October 8, 1862


    U.S. Grant's capture of Forts Henry and Donelson in February 1862 made Kentucky and western Tennessee untenable to the Confederates, forcing them to withdraw southward, and dashing their hopes of using the Ohio River as an easily defensible barrier against invasion.  After the failed Confederate attack on Grant at Shiloh, and the subsequent Union capture of Corinth, Mississippi, Union forces under Don Carlos Buell moved east toward Chattanooga, the capture of which would have put virtually all of Tennessee into Union hands.  Drastic action was required to restore the situation.

    While Van Dorn and Price diverted Union attention around Corinth, Bragg shifted his Confederate army east toward Chattanooga.  At Knoxville, Kirby Smith's Confederates began moving north, forcing the Federals at Cumberland Gap to withdraw.  From near Chattanooga, Bragg began the march north into Kentucky, with Buell's Yankees also moving north in response.  At Munfordville Bragg cut of Buell's rail supply line from Bowling Green to Louisville, but the Union commander did not attack Bragg and instead marched around him to the safety of Louisville. 

    Meeting up with recently recruited troops at Louisville, Buell might have been content to allow Bragg's supply difficulties to force him to retreat.  Pressured by the Lincoln administration, however, Buell advanced east.  Bragg's Confederates hadn't gotten the welcome they had hoped for from Kentuckians.  Although plenty were sympathetic, few actually joined the army.  There was still opportunity for the Confederates, however.  Bragg hoped to cooperate with Kirby Smith and fall on a portion of the Union army.  Confused over exactly where the main Union army was, Bragg ordered a corps under Leonidas Polk at Perryville to attack and defeat the force to its front, then move north and join the rest of the Confederates to defeat another the Union force.  Unknown to Bragg, Polk faced not a detachment, but Buell's whole army. 

    At Perryville, on the morning of October 8th, Buell's army attacked Polk's left flank along the Springville Pike with Gilbert's III Corps, hoping that newly arriving troops would continue the attack further north.  Union efforts were frustrated, however, and the attack was postponed.   Nevertheless, significant Union forces faced Polk along three roads heading east into Perryville.  In addition to Gilbert's men, Crittenden's II Corps was on the Lebanon Road to the south, and McCook's I Corps was to the north on the Mackville Pike.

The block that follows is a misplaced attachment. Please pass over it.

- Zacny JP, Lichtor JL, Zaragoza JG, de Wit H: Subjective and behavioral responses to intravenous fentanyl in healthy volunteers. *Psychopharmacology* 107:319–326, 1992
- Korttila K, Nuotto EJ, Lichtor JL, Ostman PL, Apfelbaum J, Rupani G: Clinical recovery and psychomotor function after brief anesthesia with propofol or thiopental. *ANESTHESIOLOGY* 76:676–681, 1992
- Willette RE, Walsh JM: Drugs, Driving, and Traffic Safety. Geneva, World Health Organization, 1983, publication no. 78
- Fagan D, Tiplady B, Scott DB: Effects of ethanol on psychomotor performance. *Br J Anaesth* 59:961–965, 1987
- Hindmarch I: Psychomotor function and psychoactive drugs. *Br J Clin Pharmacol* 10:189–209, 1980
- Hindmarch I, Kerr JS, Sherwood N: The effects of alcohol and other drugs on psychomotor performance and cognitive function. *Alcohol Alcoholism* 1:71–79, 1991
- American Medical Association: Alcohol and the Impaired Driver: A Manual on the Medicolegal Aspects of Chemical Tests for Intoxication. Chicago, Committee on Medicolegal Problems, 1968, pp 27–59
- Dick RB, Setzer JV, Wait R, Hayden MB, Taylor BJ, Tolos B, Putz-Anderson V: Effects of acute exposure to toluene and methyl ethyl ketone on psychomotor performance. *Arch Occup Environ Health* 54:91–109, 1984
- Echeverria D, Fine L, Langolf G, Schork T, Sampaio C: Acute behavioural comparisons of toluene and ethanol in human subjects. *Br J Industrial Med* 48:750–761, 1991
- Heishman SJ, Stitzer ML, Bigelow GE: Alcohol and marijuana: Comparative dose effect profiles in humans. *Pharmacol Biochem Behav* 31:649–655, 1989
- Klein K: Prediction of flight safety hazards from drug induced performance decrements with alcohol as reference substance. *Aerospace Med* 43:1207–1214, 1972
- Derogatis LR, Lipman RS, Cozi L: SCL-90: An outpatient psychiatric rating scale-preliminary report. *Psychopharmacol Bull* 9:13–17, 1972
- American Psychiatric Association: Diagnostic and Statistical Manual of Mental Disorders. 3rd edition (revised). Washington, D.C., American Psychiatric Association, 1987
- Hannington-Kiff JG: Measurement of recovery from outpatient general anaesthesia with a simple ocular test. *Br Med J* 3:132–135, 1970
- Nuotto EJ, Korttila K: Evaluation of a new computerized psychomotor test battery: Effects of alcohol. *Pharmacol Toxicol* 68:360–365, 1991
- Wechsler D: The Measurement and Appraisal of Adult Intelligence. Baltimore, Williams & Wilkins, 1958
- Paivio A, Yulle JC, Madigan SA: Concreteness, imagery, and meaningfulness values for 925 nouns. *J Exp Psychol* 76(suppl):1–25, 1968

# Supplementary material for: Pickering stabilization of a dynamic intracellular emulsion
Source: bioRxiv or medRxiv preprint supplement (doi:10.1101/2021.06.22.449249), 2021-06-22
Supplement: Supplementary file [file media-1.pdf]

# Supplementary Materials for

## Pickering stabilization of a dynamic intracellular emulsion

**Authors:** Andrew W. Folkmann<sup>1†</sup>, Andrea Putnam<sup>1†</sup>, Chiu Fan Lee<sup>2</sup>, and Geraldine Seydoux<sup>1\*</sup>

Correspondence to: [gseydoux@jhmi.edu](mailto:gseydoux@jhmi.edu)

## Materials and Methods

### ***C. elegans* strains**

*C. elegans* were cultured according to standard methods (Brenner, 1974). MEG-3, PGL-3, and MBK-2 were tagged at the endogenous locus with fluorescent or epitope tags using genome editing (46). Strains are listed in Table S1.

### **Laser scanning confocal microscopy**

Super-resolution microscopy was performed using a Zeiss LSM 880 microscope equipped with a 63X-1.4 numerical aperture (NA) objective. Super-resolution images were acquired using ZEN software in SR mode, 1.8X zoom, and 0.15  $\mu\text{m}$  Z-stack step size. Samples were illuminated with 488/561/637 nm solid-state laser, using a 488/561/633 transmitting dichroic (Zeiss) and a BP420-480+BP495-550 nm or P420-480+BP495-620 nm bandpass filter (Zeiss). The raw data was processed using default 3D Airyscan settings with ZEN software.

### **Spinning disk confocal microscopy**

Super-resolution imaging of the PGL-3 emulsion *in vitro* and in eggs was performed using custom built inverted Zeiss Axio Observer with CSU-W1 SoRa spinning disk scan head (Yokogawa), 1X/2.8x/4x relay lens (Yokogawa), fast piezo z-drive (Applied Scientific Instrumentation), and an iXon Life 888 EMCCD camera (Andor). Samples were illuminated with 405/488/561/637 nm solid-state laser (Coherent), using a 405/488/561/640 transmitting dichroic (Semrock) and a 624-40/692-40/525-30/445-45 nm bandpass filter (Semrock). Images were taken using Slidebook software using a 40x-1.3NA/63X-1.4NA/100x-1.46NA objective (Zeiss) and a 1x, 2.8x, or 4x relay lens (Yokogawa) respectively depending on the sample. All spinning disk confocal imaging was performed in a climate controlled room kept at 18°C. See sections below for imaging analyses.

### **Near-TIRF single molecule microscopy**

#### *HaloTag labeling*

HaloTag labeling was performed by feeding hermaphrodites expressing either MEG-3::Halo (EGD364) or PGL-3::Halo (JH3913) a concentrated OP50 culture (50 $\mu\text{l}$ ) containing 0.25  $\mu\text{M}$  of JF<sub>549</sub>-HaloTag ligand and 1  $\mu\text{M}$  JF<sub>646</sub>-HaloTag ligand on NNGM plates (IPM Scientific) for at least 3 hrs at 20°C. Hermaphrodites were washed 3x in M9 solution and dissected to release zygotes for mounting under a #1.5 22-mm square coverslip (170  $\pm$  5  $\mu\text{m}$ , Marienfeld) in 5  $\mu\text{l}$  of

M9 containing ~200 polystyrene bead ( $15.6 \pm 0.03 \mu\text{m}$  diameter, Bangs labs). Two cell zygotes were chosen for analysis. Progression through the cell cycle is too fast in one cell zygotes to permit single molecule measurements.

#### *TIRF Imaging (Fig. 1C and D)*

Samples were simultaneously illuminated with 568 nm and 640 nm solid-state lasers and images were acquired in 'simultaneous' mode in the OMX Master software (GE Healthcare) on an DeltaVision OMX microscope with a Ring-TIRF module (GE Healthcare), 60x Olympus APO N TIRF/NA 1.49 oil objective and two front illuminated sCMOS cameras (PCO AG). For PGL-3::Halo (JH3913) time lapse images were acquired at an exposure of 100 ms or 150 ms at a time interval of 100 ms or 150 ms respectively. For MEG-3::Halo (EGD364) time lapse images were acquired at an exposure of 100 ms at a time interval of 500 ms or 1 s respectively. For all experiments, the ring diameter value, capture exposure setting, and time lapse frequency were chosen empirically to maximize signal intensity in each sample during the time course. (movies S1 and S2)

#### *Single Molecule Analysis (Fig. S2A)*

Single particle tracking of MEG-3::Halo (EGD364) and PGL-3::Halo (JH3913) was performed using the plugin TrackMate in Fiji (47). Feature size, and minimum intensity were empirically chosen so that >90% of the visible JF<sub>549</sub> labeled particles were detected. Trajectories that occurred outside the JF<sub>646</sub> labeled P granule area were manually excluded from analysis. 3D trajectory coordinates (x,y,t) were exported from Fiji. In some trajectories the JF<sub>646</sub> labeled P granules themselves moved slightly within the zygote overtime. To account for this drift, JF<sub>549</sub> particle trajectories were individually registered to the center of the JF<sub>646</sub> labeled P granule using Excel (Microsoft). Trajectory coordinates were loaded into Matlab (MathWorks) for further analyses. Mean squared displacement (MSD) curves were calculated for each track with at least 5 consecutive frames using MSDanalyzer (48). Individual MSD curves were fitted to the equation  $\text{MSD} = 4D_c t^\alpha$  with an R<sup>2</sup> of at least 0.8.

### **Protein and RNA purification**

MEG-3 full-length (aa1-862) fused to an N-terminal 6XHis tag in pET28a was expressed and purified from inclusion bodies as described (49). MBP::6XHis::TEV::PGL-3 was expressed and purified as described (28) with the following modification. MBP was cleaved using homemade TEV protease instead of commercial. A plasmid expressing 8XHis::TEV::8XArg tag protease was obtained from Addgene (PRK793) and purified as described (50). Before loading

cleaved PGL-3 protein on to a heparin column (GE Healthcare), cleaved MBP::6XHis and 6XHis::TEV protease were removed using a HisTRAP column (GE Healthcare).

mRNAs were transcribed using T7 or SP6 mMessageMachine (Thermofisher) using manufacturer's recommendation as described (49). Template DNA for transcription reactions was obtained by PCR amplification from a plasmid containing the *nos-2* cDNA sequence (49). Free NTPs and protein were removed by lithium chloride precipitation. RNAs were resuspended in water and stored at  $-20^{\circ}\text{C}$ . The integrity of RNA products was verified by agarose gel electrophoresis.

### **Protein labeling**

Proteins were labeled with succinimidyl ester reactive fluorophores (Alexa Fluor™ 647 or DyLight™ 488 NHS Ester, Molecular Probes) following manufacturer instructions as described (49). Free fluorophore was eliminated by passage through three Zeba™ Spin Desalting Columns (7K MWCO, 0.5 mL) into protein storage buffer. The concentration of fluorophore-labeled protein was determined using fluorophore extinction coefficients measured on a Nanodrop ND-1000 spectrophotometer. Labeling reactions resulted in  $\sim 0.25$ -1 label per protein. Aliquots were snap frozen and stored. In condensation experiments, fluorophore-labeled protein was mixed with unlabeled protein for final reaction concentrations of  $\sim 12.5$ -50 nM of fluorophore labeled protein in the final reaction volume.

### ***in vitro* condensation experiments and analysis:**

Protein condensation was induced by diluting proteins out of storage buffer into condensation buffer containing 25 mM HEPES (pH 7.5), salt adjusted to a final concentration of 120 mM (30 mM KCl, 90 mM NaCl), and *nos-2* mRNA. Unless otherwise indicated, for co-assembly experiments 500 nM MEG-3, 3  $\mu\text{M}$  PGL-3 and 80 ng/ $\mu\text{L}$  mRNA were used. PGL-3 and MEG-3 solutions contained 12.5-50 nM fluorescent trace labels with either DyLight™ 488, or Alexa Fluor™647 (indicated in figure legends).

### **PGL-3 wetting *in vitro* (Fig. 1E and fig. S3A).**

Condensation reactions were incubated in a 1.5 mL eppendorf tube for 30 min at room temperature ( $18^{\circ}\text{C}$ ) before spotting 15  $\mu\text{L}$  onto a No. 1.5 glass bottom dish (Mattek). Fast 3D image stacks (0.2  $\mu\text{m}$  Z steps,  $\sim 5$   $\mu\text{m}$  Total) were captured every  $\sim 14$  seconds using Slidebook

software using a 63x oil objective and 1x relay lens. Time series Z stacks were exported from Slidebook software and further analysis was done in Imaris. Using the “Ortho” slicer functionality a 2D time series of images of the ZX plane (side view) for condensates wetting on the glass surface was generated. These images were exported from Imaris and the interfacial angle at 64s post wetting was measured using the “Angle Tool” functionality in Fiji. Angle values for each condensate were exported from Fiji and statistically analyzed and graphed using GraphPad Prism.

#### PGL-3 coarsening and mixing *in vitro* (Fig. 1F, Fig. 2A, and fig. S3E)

State Park Map circa 2004 - Polk Attacks McCook's Corps

    Bragg arrived at Perryville, and to his great anger found that Polk had not attacked.  Focusing on the Union troops along the northern road, the Mackville Pike, Bragg sent Cheatham's Division north to move into the Union left flank while Buckner's Division would later attack frontally across Doctor's Creek.  Unknown to Bragg, he was outnumbered  55,000 to 16,000, but his plan would concentrate his forces against only a portion of Buell's army, McCook's 13,000 man corps.

    Wharton's cavalry preceded Cheatham's Division.  Moving down the modern Battlefield Road, the cavalry clashed with Union skirmishers near the entrance to the modern park, and advanced up to the ridgeline.  Due to the exact timing of the event, and the viewing angle, Wharton misjudged the location of the Union flank.  This would have a vitally important impact on the fight since Cheatham's Division wouldn't turn the Union position as intended, but would instead attack into it.

    Although the Yankees spotted a dust cloud to the north, they believed that the Confederates were retreating.  So when Cheatham's division climbed up out of the Chaplin River valley and into the Union flank, surprise was achieved.  Further, because of atmospheric conditions, Buell could not hear the battle and sent no help to his embattled men on his left flank until late in the day.  It was now around 2pm.

    Donelson's brigade attacked roughly along the axis of the modern park entrance road, reaching nearly as far as the Widow Gibson house.  Later, Maney crossed the ridge, further to the right in an advance on Parsons' Ridge, where Union artillery had enfiladed Donelson, then on to Starkweather Hill and beyond.  Stewart's brigade would take cover behind the ridge until they advanced in a single line, overlapping Donelson's command and connecting with Maney.

    After Donelson's brigade began the advance, Buckner's division attacked frontally across the drought reduced Doctor's Creek, with Jones' brigade engaging Union troops on Loomis Heights after crossing what is now known as Jones Ridge.  Bushrod Johnson's brigade would attack at the H.P. Bottom House, and other units would follow.

Donelson's Advance

    Faulty intelligence complicated Confederate efforts from the beginning.  Thinking that it marked the flank of the Union line, Donelson's brigade was ordered to capture Harris's battery, some distance away.  Advancing roughly along the axis of this mowed trail, Donelson's brigade became somewhat confused during the advance and met a line of Federal infantry on the ridge visible here in the center of the picture.  Fire from Simonson's battery on Loomis Heights to their left also found the Confederates as did fire from Harris's battery.  Artillery fire from Open Knob, now known as Parson's Hill, the far end of the ridge visible on the right of the picture, then tore into the flank of the brigade, surprising the Southerners.  It was now obvious that Donelson wasn't advancing into a vulnerable enemy flank, but Cheatham ordered them to continue forward while the brigades of Maney and Stewart dealt with the newly discovered battery on Parsons' Ridge. 

    By the end of the battle, Donelson had lost around one in five of his brigade, with losses of up to 60% in one regiment.

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